Yesterday, Pepsi launched a TV spot starring Kendall Jenner which most definitely met the number one rule of ad execs everywhere: Get noticed. But in the internet era, the idea that “all press is good press” is laughable — especially when a backlash leaves a brand on the wrong side of wokeness. On Twitter, the retribution was swift and every outlet in the country has since covered the firestorm (and the subsequent memes). This morning, Pepsi issued a second statement and the ad was pulled.
Interestingly, Kendall Jenner handing a cop a Pepsi and thereby brokering a solution to complex problems has the exact same theme as the most famous soft drink campaign ever, “I’d like to buy the world a Coke.” But Coca-Cola had three things going for it with that spot: 1) It first ran in 1971, when brands cheering on diversity was fresh and seemed like part of the solution; 2) it was vague enough to not be shredded for co-opting imagery of the era; and 3) it represented peace, but didn’t depict the implied conflict.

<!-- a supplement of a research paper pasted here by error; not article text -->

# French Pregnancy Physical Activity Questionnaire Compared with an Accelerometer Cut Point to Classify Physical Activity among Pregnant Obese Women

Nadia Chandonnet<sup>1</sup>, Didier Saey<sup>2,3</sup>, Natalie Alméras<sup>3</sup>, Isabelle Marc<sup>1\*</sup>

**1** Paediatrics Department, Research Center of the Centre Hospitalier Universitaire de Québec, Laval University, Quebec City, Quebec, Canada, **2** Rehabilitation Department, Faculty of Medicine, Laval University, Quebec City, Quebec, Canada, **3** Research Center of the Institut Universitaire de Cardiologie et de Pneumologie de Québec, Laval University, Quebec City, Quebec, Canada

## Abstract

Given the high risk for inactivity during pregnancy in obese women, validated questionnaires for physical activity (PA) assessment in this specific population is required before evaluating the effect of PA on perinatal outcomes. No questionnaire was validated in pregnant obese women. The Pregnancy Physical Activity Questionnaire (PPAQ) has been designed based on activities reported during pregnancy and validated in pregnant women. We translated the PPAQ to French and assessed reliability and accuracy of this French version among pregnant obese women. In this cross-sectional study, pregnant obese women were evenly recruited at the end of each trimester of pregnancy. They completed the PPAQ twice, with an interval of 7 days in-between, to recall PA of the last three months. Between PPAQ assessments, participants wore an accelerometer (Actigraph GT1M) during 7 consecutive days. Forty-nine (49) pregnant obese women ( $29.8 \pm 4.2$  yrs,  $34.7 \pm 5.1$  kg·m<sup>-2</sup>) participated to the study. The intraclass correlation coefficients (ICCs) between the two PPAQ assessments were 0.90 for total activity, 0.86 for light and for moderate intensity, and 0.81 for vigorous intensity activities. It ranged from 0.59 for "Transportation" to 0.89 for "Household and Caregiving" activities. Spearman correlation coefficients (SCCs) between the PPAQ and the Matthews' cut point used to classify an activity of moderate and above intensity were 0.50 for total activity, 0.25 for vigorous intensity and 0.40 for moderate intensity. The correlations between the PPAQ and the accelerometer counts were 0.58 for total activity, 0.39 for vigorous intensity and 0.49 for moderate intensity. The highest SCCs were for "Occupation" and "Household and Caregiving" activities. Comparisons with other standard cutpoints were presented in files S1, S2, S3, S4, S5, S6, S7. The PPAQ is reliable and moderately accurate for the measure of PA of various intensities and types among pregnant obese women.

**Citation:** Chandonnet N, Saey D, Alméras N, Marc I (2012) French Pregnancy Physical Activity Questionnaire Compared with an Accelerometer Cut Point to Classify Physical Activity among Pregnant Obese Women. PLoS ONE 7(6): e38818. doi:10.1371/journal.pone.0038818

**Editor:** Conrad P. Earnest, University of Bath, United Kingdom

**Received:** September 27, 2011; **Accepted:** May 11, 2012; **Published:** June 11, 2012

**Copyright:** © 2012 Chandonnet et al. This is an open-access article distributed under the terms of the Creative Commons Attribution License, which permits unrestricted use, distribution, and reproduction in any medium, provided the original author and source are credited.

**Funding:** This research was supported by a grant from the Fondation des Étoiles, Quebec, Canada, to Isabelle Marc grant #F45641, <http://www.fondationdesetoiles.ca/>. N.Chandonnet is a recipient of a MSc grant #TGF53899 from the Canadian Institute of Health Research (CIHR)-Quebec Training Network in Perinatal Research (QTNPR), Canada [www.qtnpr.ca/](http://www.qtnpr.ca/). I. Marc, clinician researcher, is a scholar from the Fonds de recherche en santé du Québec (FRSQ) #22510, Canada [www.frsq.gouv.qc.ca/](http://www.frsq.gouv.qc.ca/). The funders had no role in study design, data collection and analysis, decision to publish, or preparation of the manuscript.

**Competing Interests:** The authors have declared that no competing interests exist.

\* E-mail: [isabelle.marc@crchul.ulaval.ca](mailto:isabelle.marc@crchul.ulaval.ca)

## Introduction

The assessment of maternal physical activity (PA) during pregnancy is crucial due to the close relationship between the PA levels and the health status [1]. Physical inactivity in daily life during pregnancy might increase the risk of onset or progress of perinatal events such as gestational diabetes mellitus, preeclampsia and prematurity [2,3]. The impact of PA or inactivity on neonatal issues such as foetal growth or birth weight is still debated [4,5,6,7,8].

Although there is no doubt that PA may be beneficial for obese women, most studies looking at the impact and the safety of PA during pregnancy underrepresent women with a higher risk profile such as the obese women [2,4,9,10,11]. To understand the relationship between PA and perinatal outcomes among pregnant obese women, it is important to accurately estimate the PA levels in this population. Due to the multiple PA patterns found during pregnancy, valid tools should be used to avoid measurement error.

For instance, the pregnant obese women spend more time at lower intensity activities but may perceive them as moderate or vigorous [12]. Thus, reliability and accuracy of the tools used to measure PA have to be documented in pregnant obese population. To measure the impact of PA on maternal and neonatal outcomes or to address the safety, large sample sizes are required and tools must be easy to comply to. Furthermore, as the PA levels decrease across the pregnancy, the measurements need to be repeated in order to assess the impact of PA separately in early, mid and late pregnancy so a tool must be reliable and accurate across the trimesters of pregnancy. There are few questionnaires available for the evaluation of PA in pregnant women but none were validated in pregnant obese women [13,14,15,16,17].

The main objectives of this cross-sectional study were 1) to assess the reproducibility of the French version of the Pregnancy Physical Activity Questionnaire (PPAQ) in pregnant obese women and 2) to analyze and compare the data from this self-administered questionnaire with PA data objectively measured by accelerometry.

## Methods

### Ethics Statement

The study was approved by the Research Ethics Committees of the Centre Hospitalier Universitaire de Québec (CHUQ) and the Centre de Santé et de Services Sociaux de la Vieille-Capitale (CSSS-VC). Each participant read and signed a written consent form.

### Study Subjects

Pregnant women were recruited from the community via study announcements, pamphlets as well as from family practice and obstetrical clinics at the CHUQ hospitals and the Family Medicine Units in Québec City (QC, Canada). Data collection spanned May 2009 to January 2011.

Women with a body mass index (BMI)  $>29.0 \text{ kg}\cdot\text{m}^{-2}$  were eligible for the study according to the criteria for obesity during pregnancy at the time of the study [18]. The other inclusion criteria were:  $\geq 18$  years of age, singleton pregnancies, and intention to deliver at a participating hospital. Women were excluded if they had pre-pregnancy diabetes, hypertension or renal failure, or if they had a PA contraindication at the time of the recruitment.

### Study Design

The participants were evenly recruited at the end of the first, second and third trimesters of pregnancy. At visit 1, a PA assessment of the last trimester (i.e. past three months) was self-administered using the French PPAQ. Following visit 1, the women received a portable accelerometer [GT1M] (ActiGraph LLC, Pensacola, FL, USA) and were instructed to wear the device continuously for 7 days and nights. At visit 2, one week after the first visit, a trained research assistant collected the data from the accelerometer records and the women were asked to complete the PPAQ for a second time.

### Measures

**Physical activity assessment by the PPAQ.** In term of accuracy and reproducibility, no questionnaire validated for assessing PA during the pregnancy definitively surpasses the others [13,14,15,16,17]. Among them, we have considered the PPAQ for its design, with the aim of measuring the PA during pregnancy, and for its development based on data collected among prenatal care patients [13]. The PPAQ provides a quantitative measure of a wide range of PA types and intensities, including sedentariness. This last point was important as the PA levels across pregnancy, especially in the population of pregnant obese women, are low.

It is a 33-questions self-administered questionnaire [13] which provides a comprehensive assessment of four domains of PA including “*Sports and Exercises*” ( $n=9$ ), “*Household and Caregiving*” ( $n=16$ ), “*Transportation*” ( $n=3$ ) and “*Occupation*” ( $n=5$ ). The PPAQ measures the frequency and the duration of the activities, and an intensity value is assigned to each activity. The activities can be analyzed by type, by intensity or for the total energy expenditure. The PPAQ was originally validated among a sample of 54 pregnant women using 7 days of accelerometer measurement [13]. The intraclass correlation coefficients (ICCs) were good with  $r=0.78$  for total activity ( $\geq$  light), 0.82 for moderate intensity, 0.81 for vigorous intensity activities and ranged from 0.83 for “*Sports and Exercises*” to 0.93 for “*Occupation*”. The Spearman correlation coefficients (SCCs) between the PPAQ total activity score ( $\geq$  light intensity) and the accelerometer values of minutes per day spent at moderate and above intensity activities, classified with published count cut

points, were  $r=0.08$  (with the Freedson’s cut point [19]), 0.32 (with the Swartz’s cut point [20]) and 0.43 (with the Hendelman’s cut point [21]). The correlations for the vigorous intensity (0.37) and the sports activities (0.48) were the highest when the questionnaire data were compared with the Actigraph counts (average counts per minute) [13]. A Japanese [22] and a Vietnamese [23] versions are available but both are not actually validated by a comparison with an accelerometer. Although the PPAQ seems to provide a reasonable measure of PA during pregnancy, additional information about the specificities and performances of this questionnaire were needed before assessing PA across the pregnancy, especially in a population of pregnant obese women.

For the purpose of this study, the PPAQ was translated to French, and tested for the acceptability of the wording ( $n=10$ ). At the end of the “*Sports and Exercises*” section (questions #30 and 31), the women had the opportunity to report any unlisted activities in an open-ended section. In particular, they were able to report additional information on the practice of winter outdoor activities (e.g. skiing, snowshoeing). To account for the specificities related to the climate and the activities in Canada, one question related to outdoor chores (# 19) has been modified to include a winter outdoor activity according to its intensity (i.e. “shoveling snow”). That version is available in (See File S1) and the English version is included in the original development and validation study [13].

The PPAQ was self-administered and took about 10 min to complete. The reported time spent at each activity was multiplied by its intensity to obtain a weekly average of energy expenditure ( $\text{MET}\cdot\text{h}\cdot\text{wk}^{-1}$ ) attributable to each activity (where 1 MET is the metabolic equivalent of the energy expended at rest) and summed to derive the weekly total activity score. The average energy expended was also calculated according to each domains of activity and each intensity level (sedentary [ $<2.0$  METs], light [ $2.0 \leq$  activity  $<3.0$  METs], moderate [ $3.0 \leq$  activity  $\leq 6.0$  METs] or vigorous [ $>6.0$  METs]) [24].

The Pepsi ad, on the other hand borrowed the visual cues and, more importantly, the frustration of a movement that has defined this decade: Black Lives Matter. In the clip, a marching crowd — full of that electric “this is our moment” energy — inspires a model (surrounded by artifice), a musician (practicing on a rooftop for no audience), and a photographer (who is almost confusingly enraged by her tear sheets) to take to the streets. Then, when Kendall rips off her wig and shares a Pepsi with a police officer, the crowd erupts in joyous applause.
This is their moment all right, and one beautiful person just showed an entire generation how to create change with help from a cold soda. It’s almost too easy to mock, but it does beg a bigger question: In an age when brands neatly notch into every part of our lives, is there a place for them in the protest conversation?